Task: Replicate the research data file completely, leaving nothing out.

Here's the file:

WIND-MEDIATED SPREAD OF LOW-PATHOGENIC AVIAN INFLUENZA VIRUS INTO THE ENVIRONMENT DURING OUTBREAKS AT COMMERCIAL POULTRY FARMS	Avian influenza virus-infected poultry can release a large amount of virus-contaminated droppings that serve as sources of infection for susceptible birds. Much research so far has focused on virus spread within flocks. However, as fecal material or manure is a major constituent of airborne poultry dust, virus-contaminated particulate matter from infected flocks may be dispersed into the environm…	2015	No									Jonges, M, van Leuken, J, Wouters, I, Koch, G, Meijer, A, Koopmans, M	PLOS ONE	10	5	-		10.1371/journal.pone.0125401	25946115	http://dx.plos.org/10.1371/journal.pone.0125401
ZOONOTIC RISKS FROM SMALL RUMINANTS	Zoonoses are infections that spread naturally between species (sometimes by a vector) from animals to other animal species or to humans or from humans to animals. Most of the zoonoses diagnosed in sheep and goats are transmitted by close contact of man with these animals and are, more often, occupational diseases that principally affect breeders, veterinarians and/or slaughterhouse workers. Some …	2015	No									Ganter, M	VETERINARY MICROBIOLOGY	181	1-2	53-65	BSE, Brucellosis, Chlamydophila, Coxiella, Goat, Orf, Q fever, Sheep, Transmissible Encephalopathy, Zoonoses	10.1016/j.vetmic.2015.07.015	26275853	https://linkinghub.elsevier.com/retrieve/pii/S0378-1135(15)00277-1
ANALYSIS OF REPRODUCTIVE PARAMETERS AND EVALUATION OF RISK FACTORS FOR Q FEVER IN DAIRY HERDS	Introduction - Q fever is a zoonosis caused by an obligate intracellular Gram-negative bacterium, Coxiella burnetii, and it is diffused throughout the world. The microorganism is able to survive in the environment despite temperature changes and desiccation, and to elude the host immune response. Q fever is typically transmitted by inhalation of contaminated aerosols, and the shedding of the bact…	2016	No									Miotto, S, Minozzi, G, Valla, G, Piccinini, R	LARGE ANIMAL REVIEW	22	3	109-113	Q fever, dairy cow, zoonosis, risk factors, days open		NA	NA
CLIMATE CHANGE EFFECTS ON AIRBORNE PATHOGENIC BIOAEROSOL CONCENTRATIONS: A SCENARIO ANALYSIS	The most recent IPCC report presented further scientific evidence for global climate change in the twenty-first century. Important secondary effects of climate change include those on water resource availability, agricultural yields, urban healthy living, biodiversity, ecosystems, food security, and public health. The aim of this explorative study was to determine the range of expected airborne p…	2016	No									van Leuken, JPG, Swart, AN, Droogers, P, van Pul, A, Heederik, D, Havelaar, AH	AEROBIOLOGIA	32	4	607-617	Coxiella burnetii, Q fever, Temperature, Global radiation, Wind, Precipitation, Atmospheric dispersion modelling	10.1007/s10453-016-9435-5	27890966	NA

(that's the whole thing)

WIND-MEDIATED SPREAD OF LOW-PATHOGENIC AVIAN INFLUENZA VIRUS INTO THE ENVIRONMENT DURING OUTBREAKS AT COMMERCIAL POULTRY FARMS	Avian influenza virus-infected poultry can release a large amount of virus-contaminated droppings that serve as sources of infection for susceptible birds. Much research so far has focused on virus spread within flocks. However, as fecal material or manure is a major constituent of airborne poultry dust, virus-contaminated particulate matter from infected flocks may be dispersed into the environm…	2015	No									Jonges, M, van Leuken, J, Wouters, I, Koch, G, Meijer, A, Koopmans, M	PLOS ONE	10	5	-		10.1371/journal.pone.0125401	25946115	http://dx.plos.org/10.1371/journal.pone.0125401
ZOONOTIC RISKS FROM SMALL RUMINANTS	Zoonoses are infections that spread naturally between species (sometimes by a vector) from animals to other animal species or to humans or from humans to animals. Most of the zoonoses diagnosed in sheep and goats are transmitted by close contact of man with these animals and are, more often, occupational diseases that principally affect breeders, veterinarians and/or slaughterhouse workers. Some …	2015	No									Ganter, M	VETERINARY MICROBIOLOGY	181	1-2	53-65	BSE, Brucellosis, Chlamydophila, Coxiella, Goat, Orf, Q fever, Sheep, Transmissible Encephalopathy, Zoonoses	10.1016/j.vetmic.2015.07.015	26275853	https://linkinghub.elsevier.com/retrieve/pii/S0378-1135(15)00277-1
ANALYSIS OF REPRODUCTIVE PARAMETERS AND EVALUATION OF RISK FACTORS FOR Q FEVER IN DAIRY HERDS	Introduction - Q fever is a zoonosis caused by an obligate intracellular Gram-negative bacterium, Coxiella burnetii, and it is diffused throughout the world. The microorganism is able to survive in the environment despite temperature changes and desiccation, and to elude the host immune response. Q fever is typically transmitted by inhalation of contaminated aerosols, and the shedding of the bact…	2016	No									Miotto, S, Minozzi, G, Valla, G, Piccinini, R	LARGE ANIMAL REVIEW	22	3	109-113	Q fever, dairy cow, zoonosis, risk factors, days open		NA	NA
CLIMATE CHANGE EFFECTS ON AIRBORNE PATHOGENIC BIOAEROSOL CONCENTRATIONS: A SCENARIO ANALYSIS	The most recent IPCC report presented further scientific evidence for global climate change in the twenty-first century. Important secondary effects of climate change include those on water resource availability, agricultural yields, urban healthy living, biodiversity, ecosystems, food security, and public health. The aim of this explorative study was to determine the range of expected airborne p…	2016	No									van Leuken, JPG, Swart, AN, Droogers, P, van Pul, A, Heederik, D, Havelaar, AH	AEROBIOLOGIA	32	4	607-617	Coxiella burnetii, Q fever, Temperature, Global radiation, Wind, Precipitation, Atmospheric dispersion modelling	10.1007/s10453-016-9435-5	27890966	NA